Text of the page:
Caron, C. (2024, June 27). Sometimes, forgiveness is overrated. New York Times.

Enright, R.D. & Fitzgibbons, R. (2000). Helping clients forgive. APA Books.

Enright, R.D. & Fitzgibbons, R. (2024). Forgiveness therapy. APA Books.


It seems to me that the forgiveness process could be harmful.  Here is what I mean: When I focus on the one who hurt me, I get angry with him.  I would rather just forget about the unjust event and forget about the person.  What do you think?

In my experience, when people are deeply hurt by others, no matter how far they run from the offending person, that person remains in the victim’s heart.  This can continue for many years.  The idea of forgetting about the person can occur in the mind, with denial and subconscious suppression of that person, but that person remains in the heart, in the area of feelings, including resentment.  In other words, no matter how hard one tries to erase the person, there he is inside the victim.  It is in forgiving that you unlock that door to the heart and let the person out, at least all the bad and even hateful feelings toward him.  In forgiving, you rewrite the script of who this person is.  Instead of seeing him exclusively as bad, you take a wider view and eventually see the inherent worth in him as a person.  This wider view can set you free from the stubborn resentment that just won’t quit.

Thank you for your recent response to me about my sister’s denial of her childhood experiences of abuse against her.  In your answer, you mentioned this: “Forgiving those who caused the abuse can significantly reduce the anger so that it is more manageable.”  Can you provide me with some research on this?

Yes, you can read some of our forgiveness intervention research on this website by going to the sub-menu on the right side of the page entitled Research. When you click on Research, you will be brought to some of our peer-reviewed published research discussing the reduction in resentment following forgiveness interventions with adults, adolescents, and children.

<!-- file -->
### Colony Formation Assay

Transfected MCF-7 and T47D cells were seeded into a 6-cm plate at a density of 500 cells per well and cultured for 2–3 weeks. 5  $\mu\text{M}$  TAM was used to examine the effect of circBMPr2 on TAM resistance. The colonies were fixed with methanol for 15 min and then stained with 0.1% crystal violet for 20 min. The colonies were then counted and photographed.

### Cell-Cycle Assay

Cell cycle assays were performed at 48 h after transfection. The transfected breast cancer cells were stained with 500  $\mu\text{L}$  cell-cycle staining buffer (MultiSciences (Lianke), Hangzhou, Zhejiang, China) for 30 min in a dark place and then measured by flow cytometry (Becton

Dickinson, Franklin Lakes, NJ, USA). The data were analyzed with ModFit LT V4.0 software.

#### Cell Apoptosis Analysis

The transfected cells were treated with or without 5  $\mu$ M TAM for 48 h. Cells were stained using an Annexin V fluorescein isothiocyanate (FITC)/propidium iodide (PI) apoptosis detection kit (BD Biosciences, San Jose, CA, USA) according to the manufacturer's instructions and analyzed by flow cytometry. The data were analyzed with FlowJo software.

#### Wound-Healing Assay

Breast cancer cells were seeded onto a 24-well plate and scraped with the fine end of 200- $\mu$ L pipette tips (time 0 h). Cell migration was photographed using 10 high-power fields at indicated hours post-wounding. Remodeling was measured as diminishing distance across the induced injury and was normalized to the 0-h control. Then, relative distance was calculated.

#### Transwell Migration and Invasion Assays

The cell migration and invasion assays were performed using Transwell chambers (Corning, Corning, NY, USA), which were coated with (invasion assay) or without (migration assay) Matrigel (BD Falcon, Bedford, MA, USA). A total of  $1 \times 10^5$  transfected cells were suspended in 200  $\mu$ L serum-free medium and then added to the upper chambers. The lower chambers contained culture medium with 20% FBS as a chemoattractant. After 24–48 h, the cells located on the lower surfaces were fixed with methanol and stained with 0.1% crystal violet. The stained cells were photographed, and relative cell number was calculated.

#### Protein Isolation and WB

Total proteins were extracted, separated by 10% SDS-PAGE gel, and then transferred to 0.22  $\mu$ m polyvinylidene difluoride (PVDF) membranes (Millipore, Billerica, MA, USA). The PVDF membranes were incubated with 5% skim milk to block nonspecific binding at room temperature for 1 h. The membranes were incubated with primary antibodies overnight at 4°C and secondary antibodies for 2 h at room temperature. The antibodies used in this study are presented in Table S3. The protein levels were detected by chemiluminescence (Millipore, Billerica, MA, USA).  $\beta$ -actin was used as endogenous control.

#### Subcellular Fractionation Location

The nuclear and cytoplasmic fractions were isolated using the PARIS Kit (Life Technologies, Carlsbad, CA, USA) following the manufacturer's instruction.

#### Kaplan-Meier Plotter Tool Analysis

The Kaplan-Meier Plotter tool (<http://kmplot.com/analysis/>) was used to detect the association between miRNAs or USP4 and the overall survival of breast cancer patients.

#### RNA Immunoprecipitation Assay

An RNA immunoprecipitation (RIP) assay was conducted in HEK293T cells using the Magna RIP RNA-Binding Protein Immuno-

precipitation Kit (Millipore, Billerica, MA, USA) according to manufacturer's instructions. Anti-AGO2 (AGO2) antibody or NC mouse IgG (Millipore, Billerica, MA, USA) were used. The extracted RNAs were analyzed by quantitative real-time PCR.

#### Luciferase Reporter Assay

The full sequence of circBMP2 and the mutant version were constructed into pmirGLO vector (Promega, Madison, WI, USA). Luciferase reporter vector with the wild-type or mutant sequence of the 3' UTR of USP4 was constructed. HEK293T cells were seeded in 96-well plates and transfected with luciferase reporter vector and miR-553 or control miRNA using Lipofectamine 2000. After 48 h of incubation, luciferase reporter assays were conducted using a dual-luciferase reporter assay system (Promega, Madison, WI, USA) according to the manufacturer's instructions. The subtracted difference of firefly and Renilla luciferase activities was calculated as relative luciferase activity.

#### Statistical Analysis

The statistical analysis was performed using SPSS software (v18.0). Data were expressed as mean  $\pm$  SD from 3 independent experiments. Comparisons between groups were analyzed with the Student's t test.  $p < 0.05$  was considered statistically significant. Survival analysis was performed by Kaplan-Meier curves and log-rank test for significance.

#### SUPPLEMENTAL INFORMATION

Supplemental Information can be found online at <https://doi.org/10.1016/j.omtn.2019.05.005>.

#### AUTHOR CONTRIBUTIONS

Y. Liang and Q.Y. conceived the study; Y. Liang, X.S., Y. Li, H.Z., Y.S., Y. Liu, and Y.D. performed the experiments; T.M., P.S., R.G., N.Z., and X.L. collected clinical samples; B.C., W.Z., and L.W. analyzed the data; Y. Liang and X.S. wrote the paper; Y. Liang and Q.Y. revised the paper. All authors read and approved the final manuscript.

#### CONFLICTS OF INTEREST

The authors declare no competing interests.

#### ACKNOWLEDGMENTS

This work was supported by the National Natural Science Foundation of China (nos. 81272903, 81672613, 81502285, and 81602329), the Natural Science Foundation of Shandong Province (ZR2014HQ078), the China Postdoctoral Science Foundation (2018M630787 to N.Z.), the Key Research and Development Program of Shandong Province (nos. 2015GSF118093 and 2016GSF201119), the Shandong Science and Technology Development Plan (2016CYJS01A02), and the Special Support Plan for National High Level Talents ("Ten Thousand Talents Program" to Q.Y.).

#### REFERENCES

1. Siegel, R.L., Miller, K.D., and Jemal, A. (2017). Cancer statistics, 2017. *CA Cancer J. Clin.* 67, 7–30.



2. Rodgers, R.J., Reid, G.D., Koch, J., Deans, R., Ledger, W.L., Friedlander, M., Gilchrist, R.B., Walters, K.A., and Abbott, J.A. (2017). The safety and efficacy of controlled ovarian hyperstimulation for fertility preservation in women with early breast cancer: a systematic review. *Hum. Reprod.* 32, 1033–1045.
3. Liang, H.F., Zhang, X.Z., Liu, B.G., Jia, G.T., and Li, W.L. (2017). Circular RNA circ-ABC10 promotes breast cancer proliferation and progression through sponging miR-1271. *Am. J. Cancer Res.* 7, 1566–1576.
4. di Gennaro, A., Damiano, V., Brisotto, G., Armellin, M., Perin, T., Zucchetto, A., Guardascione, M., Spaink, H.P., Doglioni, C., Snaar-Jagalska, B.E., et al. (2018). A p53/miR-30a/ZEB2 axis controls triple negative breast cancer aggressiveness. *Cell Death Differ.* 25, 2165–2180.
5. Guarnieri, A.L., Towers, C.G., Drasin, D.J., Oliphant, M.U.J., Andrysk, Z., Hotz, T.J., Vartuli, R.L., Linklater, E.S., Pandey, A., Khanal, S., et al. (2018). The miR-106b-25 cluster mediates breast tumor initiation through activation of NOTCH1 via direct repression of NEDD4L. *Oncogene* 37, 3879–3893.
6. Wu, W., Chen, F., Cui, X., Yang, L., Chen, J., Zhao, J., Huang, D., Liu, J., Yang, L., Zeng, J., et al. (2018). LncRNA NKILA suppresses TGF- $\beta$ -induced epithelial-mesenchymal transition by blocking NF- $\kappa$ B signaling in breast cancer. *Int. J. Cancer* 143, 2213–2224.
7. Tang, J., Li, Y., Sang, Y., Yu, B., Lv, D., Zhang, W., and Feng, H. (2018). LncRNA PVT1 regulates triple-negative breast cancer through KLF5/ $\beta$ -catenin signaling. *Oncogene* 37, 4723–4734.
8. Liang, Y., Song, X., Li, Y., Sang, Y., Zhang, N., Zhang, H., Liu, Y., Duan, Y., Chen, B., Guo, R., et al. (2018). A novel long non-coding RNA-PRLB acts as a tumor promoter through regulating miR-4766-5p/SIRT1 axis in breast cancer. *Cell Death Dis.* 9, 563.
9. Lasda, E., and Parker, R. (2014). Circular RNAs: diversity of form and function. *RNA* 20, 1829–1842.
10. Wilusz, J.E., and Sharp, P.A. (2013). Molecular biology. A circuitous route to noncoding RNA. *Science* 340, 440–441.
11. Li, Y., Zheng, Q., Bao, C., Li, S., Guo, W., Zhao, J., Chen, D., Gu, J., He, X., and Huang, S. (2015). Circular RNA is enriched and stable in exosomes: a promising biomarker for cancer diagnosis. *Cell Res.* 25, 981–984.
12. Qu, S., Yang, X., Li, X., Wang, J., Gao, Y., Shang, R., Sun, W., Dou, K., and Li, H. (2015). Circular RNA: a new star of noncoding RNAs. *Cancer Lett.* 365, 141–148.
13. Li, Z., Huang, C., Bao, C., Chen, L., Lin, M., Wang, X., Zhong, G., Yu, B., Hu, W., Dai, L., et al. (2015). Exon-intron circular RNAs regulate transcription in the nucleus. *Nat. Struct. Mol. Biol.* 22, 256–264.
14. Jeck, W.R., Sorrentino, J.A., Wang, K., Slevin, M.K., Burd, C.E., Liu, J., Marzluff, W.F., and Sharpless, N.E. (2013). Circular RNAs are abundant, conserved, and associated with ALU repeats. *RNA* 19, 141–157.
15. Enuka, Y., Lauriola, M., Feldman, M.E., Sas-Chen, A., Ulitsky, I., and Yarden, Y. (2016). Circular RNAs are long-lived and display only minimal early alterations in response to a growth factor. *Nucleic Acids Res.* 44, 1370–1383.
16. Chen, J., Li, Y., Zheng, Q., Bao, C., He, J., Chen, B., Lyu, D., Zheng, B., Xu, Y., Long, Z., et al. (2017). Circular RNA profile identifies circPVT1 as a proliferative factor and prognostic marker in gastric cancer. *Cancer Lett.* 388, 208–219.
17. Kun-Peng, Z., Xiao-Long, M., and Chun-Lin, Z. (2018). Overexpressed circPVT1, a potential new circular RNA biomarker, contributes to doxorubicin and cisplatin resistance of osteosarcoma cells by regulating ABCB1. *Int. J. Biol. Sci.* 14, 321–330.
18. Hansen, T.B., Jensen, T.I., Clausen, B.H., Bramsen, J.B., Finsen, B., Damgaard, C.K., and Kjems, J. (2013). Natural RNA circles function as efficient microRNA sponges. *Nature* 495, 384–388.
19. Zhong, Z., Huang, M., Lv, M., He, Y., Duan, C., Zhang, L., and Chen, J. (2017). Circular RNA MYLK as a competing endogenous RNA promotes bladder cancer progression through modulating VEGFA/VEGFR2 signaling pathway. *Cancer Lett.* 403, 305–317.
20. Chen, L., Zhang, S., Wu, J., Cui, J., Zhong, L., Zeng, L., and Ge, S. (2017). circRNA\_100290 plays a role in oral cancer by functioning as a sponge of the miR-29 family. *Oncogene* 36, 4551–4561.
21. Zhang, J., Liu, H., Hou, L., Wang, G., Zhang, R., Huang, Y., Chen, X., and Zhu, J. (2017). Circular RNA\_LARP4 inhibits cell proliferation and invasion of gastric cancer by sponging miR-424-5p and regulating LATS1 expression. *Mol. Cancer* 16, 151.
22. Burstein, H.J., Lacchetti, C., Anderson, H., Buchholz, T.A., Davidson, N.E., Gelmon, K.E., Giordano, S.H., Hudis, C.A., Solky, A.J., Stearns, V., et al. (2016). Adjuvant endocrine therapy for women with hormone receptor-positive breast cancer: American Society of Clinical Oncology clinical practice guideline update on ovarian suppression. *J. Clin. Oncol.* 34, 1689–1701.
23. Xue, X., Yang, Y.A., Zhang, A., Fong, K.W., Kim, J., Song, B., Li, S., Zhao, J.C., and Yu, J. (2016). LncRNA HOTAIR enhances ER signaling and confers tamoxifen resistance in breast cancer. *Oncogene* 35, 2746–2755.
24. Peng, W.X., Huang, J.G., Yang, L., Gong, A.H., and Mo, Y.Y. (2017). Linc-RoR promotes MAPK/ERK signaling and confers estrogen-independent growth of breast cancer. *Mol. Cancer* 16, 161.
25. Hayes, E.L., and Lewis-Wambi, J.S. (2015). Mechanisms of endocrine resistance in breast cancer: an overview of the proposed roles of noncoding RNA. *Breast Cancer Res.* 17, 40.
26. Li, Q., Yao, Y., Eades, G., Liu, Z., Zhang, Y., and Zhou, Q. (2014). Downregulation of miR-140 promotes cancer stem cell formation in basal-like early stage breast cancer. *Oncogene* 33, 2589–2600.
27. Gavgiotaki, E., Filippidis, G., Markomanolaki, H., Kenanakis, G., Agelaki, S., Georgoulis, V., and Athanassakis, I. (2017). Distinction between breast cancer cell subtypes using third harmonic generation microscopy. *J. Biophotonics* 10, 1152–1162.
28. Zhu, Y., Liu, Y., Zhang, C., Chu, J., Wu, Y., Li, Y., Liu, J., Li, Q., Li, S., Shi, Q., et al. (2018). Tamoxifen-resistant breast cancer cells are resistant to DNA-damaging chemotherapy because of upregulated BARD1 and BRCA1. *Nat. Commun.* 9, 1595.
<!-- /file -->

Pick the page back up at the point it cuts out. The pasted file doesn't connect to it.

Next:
My sister was abused as a child, but she seems to have denied all memories of this.  I can clearly recall some of this abuse and so it is real.  Even so, she keeps all of this hidden from herself in her subconscious mind.  How can a person release the truth of past trauma?

Your sister might think that there is no true help or cure when unconscious memories are brought to consciousness.  If she sees that there is a safety net for her, which is forgiveness, then she may be able to loosen up on this defense of repression or suppression.  Sometimes people are fearful of their own anger because they think it will overwhelm them with no cure.  Forgiving those who caused the abuse can significantly reduce the anger so that it is more manageable.

How can I confront with forgiveness the systemic injustices carried out by institutions rather than by a singular individual?

Institutions are made up of persons and it is the persons in the institutions who make decisions, even unjust decisions.  So, when you forgive institutions, you are forgiving the people who have made these decisions within the institution.  This can get rather abstract because you likely do not know the people who have made these decisions.  Just because it is more abstract than forgiving a friend, forgiveness is possible.  As an analogy, if a person is robbed by a masked individual, the one who is robbed can forgive the one who robs even though this person is unknown to the victim.  It is similar to institutions.  You can forgive the persons without knowing them.